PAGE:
Sometimes I have the impression that all intellectuals have become cosmopolitans. But there is an increasing gap between what intellectuals think and preach and what the ordinary people feel. There is a growing divergence between the demos and the elites, especially concerning the perception and the treatment that should be reserved to the “diverse”: immigrants, minorities, gays and so on are more and more perceived as a threat. When xenophobia is rising, the intellectuals have a responsibility to help to distinguish between the real and apparent reasons, even at the price to become isolated from great parts of the population.
– Daniele Archibugi
In this post I want to both feature and expand upon an upcoming special issue (Volume 12, Issue 1) of Human Rights Review, which I guest edited with my colleague and friend Marta Iñiguez de Heredia. The special issue focuses on human rights as an ideal and practical politics, opening some initial space to consider why the interaction between moral ideals and practical politics is important, and provoking discussion of how the clear divide between them is unsustainable.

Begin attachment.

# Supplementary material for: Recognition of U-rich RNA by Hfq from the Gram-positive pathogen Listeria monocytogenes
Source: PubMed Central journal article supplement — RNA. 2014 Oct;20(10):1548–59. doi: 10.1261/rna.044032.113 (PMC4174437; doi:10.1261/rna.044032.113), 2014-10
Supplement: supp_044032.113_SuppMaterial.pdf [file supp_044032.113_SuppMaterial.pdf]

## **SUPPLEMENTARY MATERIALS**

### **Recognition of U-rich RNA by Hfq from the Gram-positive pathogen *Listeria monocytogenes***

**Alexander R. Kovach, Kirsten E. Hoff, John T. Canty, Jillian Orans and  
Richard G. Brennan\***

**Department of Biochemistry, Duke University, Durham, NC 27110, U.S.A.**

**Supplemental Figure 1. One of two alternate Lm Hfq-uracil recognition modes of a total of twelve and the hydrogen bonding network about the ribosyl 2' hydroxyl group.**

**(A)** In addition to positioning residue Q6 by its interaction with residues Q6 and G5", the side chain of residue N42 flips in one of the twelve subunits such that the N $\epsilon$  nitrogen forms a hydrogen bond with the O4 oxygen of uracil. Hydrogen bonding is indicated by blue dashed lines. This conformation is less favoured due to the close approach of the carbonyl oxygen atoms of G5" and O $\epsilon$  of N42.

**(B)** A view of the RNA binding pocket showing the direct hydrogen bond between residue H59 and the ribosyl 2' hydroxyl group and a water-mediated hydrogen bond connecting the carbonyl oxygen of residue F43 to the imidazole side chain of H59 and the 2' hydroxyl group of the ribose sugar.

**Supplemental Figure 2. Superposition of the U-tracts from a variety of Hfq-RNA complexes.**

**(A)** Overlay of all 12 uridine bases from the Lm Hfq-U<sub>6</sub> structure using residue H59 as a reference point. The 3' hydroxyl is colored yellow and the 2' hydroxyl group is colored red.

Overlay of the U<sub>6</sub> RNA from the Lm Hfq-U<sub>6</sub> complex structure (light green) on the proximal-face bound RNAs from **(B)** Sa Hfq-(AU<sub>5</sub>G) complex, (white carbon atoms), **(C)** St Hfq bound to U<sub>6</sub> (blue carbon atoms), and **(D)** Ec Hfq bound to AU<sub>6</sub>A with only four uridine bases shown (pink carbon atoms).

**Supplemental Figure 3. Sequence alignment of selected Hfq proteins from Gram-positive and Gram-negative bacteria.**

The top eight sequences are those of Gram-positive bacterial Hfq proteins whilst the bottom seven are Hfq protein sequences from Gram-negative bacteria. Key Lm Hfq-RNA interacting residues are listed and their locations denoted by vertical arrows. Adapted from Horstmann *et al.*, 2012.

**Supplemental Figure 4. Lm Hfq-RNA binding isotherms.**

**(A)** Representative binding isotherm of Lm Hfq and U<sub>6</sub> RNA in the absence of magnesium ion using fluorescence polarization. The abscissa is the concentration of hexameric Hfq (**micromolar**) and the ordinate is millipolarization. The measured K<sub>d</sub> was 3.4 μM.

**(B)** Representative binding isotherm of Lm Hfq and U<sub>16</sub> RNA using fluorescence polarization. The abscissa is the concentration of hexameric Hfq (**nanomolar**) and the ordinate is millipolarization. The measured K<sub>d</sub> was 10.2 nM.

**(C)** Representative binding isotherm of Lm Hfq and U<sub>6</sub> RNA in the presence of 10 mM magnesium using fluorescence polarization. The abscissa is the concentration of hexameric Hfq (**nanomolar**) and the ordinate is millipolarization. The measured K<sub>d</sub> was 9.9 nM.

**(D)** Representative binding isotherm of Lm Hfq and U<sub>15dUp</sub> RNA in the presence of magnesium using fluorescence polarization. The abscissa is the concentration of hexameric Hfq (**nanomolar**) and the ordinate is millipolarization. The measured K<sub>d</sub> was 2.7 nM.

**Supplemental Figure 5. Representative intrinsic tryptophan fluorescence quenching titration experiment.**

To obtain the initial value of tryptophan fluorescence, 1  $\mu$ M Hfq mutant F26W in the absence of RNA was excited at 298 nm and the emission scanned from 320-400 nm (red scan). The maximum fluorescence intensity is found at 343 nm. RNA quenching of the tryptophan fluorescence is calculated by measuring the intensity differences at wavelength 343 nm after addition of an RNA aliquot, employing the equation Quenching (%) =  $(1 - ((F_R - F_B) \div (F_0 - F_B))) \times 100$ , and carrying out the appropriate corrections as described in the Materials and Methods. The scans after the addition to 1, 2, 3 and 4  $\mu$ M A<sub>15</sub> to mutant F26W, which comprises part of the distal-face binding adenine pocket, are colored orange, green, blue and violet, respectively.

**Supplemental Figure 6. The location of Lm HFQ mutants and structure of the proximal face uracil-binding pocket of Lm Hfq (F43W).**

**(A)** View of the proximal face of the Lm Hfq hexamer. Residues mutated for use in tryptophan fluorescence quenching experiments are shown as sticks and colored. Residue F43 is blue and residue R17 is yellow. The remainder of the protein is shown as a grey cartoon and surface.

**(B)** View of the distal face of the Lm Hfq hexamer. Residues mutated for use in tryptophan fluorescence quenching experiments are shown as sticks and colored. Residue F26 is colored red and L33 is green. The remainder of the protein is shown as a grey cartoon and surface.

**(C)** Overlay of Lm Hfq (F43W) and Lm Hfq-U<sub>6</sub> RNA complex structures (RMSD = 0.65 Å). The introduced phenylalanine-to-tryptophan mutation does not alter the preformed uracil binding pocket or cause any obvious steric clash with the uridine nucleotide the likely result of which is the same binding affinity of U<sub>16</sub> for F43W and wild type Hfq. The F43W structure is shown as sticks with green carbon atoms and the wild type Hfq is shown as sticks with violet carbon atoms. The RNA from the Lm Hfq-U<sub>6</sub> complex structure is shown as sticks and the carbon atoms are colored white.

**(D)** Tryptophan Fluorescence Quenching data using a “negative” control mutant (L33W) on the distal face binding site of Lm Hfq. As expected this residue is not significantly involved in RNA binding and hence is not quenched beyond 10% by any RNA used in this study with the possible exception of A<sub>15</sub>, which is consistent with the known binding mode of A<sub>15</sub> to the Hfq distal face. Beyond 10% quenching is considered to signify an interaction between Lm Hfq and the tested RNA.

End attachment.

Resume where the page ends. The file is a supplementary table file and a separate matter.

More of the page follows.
To set the stage, we find Daniele Archibugi and Seyla Benhabib discussing Cosmopolitanism at Open Democracy. For both authors the place of universal rights in cosmopolitan politics is central, but the moral principle expressed through universal human rights works in a very particular way. This approach to human rights prioritizes what, in the paper, we call the “philosopher’s” understanding of rights, which begins from rational moral principles already known before political action is taken.